Xojo 2015 Release 3 is now publicly available. This release is, by far, the biggest Xojo release in many years – if not ever. All targets can now be built for 64-bit and also for Raspberry Pi (32-bit ARM).
Building your application for 64-bit in Xojo is as simple as going to the build settings for each platform (Mac OS X, Windows, Linux) and setting the Architecture to 64-bit. On Linux builds in addition to the 64-bit option there’s also the ARM 32-bit option to build for Raspberry Pi. It really is that simple.
All this is really good news because Xojo put a lot of time and effort to get the 64-bit compiler working. They’ve obviously been working on 64-bit much longer than just this release period but to add twelve new targets (Mac OS X 64-bit desktop, console, web, Windows 64-bit desktop, console, web, and Linux 64-bit desktop, console, web, and Linux ARM desktop, web and console) is impressive, to say the least.
Raspberry Pi support is better than initially announced at XDC 2015. Initially we were told that Xojo would only support console applications for the Raspberry Pi. Instead, we have the ability to not only create console applications but also desktop and web applications for Linux ARM.
I’ve taken some random web and desktop projects and ran them on the Raspberry Pi with few to no issues. The only thing I’ve not been able to get working is cgi web applications even though I installed Apache (I’m sure it’s simply a matter of getting the configuration correct).
One of the cool things about the Pi is that you can use GPIO and create all kinds of cool projects with switches, LED’s, and sensors of all types. In the examples that come with R3, look in Platform-Specific/Linux/Raspberry Pi/ and you’ll see four projects that make use of the Wiring Pi library.
If you want to dive into Xojo and Raspberry Pi I highly recommend you take a look at the Xojo GPIO page on the Einhugur blog at https://einhugur.com/blog/index.php/xojo-gpio/.
If that wasn’t enough for one release, Xojo didn’t stop development on other parts of the IDE. Web applications can now use drag and drop between objects on a WebPage. They added a new AcceptingConnections property that allows you to start/stop a web app from accepting connections. Standalone web apps now use TLSv1.2
There’s some new features in iOS too. iOSLabel has new clipping modes that you can use instead of wrapping. iOS now has container controls which should allow for some really complex user interface designs. The iOS advanced tab in Build Settings now gives developers the ability to modify the Entitlements of built apps.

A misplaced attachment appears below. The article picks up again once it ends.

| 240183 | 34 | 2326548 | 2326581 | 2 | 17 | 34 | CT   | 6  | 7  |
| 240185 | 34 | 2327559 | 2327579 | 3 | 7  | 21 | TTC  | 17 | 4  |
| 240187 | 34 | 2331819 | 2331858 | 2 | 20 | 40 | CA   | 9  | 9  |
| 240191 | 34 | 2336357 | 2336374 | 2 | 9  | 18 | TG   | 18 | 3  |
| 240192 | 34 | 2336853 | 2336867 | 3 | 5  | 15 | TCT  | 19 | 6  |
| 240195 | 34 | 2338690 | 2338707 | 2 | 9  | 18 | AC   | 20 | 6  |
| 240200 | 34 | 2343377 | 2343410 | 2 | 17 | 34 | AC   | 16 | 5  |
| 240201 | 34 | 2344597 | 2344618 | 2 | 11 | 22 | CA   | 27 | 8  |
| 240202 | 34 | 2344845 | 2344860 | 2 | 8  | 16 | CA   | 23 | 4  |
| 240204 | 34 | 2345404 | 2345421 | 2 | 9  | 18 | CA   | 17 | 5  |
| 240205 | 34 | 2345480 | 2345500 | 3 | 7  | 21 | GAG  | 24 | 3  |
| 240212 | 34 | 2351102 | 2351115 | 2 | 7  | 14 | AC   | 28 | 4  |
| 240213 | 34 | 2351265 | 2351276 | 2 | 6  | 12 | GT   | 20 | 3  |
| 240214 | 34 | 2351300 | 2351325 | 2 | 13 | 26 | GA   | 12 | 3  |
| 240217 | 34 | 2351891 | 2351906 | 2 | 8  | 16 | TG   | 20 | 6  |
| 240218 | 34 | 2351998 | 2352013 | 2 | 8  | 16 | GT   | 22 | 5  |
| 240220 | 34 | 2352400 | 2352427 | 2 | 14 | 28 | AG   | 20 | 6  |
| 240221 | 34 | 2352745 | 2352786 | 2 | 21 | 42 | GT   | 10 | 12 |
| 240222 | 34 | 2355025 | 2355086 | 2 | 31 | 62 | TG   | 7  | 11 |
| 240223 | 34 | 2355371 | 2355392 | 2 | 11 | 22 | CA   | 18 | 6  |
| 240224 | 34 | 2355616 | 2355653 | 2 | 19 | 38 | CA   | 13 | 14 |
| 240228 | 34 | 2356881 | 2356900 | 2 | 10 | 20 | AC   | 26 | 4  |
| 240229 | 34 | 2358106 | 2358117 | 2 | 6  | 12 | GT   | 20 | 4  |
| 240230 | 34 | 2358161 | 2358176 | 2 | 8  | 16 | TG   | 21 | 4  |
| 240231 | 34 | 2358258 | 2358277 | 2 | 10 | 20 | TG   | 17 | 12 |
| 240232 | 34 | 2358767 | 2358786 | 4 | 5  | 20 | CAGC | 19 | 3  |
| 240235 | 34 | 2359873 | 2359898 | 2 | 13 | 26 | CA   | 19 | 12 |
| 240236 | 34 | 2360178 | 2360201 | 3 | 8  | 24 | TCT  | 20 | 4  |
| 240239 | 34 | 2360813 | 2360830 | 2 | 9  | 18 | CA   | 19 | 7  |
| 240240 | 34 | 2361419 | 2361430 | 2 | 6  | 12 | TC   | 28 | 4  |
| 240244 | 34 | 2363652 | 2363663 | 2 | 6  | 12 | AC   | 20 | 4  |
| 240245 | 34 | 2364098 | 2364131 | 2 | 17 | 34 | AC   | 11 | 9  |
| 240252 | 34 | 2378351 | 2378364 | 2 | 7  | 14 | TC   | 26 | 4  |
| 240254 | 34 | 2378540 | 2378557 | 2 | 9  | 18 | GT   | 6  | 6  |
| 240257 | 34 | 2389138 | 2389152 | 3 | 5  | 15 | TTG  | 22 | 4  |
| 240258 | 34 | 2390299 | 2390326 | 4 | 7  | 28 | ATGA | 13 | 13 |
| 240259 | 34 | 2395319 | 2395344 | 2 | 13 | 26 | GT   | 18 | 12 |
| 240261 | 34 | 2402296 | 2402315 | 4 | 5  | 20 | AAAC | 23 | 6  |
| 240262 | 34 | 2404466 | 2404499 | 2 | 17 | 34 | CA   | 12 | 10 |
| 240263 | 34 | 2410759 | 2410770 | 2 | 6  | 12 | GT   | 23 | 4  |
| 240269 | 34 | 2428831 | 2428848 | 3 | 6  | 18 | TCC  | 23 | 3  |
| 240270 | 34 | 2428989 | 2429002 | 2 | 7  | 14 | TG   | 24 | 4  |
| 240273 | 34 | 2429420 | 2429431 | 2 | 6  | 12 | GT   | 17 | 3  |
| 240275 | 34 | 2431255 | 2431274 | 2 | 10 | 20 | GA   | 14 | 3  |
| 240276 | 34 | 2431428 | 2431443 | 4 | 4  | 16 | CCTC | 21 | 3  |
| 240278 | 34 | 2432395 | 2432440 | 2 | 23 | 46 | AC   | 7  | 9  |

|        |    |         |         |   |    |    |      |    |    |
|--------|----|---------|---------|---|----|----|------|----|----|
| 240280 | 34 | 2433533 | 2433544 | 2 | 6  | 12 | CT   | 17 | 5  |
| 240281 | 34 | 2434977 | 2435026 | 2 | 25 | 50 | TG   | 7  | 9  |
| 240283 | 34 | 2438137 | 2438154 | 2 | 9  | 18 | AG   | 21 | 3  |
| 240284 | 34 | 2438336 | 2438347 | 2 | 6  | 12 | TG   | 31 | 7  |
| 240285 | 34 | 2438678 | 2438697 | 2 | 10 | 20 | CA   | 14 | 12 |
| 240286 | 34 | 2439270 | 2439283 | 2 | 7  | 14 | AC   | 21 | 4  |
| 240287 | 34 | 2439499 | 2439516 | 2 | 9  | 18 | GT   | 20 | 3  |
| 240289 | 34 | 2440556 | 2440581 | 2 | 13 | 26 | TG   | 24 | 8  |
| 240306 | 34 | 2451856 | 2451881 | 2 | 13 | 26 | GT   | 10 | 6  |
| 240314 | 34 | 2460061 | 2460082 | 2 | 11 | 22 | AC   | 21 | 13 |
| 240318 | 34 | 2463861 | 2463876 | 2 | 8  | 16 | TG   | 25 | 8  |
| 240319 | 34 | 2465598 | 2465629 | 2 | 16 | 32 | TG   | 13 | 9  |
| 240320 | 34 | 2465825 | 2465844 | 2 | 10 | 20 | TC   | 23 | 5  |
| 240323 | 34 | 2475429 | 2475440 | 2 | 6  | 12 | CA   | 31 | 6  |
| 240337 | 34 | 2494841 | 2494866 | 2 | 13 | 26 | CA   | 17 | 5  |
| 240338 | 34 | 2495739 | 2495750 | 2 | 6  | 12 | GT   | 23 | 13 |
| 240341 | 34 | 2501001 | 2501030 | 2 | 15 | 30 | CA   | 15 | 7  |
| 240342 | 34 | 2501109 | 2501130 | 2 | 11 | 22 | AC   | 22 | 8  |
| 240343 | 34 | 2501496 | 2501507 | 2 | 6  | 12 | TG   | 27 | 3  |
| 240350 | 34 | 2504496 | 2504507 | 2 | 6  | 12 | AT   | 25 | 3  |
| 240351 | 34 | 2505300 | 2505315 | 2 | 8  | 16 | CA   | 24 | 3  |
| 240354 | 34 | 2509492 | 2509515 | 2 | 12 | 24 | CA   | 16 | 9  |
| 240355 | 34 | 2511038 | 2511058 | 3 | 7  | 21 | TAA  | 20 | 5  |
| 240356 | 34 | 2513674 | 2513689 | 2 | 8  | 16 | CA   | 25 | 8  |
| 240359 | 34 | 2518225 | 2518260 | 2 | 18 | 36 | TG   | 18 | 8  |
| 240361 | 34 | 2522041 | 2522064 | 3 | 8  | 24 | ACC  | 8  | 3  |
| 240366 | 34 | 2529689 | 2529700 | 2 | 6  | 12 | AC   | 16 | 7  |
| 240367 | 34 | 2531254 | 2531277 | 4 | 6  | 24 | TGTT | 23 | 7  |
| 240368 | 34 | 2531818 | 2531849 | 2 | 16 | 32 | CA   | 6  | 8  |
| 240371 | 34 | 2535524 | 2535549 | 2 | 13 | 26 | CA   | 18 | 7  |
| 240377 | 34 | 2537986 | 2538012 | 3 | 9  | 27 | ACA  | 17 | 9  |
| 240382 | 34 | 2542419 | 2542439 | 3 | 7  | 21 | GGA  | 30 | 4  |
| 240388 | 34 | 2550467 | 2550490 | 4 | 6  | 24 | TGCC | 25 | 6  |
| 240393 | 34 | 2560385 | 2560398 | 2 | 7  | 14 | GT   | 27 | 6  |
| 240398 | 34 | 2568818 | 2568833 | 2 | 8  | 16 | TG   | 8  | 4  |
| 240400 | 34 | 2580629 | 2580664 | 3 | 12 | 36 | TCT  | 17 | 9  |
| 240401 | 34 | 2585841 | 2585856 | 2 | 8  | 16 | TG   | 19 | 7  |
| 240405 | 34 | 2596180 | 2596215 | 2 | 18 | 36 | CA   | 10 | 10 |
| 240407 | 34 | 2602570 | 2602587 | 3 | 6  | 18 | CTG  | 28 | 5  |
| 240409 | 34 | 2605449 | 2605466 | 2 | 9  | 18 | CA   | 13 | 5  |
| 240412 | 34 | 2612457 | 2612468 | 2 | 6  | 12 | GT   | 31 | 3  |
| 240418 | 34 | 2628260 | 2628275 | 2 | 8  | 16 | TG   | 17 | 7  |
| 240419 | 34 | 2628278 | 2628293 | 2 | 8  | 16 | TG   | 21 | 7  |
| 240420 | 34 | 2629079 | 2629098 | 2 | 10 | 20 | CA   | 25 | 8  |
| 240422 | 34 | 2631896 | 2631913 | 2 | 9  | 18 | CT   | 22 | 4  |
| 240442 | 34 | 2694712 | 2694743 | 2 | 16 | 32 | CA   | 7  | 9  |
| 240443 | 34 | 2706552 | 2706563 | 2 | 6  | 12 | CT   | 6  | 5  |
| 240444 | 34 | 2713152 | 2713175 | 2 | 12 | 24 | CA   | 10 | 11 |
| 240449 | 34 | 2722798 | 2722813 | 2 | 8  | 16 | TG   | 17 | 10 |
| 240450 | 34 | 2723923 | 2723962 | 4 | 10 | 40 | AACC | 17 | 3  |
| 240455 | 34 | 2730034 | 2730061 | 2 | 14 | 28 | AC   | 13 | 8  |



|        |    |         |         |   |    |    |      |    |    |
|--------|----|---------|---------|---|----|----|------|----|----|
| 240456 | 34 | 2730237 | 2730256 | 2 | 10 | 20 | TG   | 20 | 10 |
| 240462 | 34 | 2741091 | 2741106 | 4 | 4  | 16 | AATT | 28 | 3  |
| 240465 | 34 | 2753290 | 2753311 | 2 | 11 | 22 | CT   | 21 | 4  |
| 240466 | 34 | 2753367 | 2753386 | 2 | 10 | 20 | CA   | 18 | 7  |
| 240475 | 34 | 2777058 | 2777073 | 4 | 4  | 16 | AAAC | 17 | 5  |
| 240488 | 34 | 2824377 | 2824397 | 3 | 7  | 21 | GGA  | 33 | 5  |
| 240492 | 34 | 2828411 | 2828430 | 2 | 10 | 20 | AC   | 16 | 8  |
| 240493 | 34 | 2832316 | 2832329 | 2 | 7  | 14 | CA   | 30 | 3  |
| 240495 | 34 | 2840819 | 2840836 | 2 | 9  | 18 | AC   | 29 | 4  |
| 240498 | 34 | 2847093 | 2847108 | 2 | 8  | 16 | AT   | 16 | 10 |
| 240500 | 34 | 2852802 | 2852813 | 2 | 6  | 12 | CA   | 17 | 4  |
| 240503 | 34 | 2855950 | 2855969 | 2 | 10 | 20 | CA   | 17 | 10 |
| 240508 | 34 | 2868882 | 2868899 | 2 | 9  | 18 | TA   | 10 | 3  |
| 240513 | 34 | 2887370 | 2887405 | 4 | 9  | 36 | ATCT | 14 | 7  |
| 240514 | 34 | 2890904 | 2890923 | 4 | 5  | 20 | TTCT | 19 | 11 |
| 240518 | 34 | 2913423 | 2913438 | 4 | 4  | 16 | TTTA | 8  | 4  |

The desktop app FileTypes Editor is completely revamped and now allows developers to specify UTI’s for Windows and Linux too. The new editor also lets you know if the icon set is complete.
A few important IDE bugs have been fixed. If you delete an object that has open tabs those tabs are closed. The grab handles on Layout Editor objects are now inline with the control frames than outset slightly. These are annoying little things and I’m glad they’ve fixed.
Moving your own applications to 64-bit seems to take two routes. One, it will just work and you’re on your way; or two you’ll have some work to do. This seems to depend entirely on if you’re using plugins and libraries. MonkeyBread Software and Einhugur have 64 bit versions of their plugins ready to go so check with them for 64-bit compatible versions. MacOSLib may cause some issues and while I know the developers have been updating it I don’t see anything on their GitHub site saying they’re compatible yet. Windows Functionality Suite users out of luck since it was made before structures were available in Xojo so if you’re using any of those classes you’ll have to find alternatives.
I would expect a few things about 64 bit to come to light now that it’s released to a bigger audience. While I can’t confirm a dot release is coming I expect one to fix anything major to come up in the next week or so.
Everything is not yet perfect for 64-bit in the R3 release. For one, the debugger doesn’t work in 64-bit applications yet. Until that’s released you’ll need to debug the old fashioned way using console messages and log files doing full builds. You cannot do remote debugging for ARM targets either.
A few other items are unavailable for R3. XojoScript is unavailable for 64-bit or ARM targets. You cannot build 64-bit Mac OS X apps from Windows or Linux. Icons are not preserved in Windows 64-bit apps. Tooltips class and tooltips on the ListBox do not work on Mac OS X 64-bit.
The Xojo IDE itself is not 64-bit. I don’t think this is a huge deal yet but it’s also impressive that they were able to get 64 builds from a 32 bit application.
This release is massive and impressive with 64-bit builds and Linux ARM as well as over 300 changes and bug fixes should make everyone happy for a while. Xojo should be congratulated for their hard work.
What did I miss? What are you happy or disappointed with?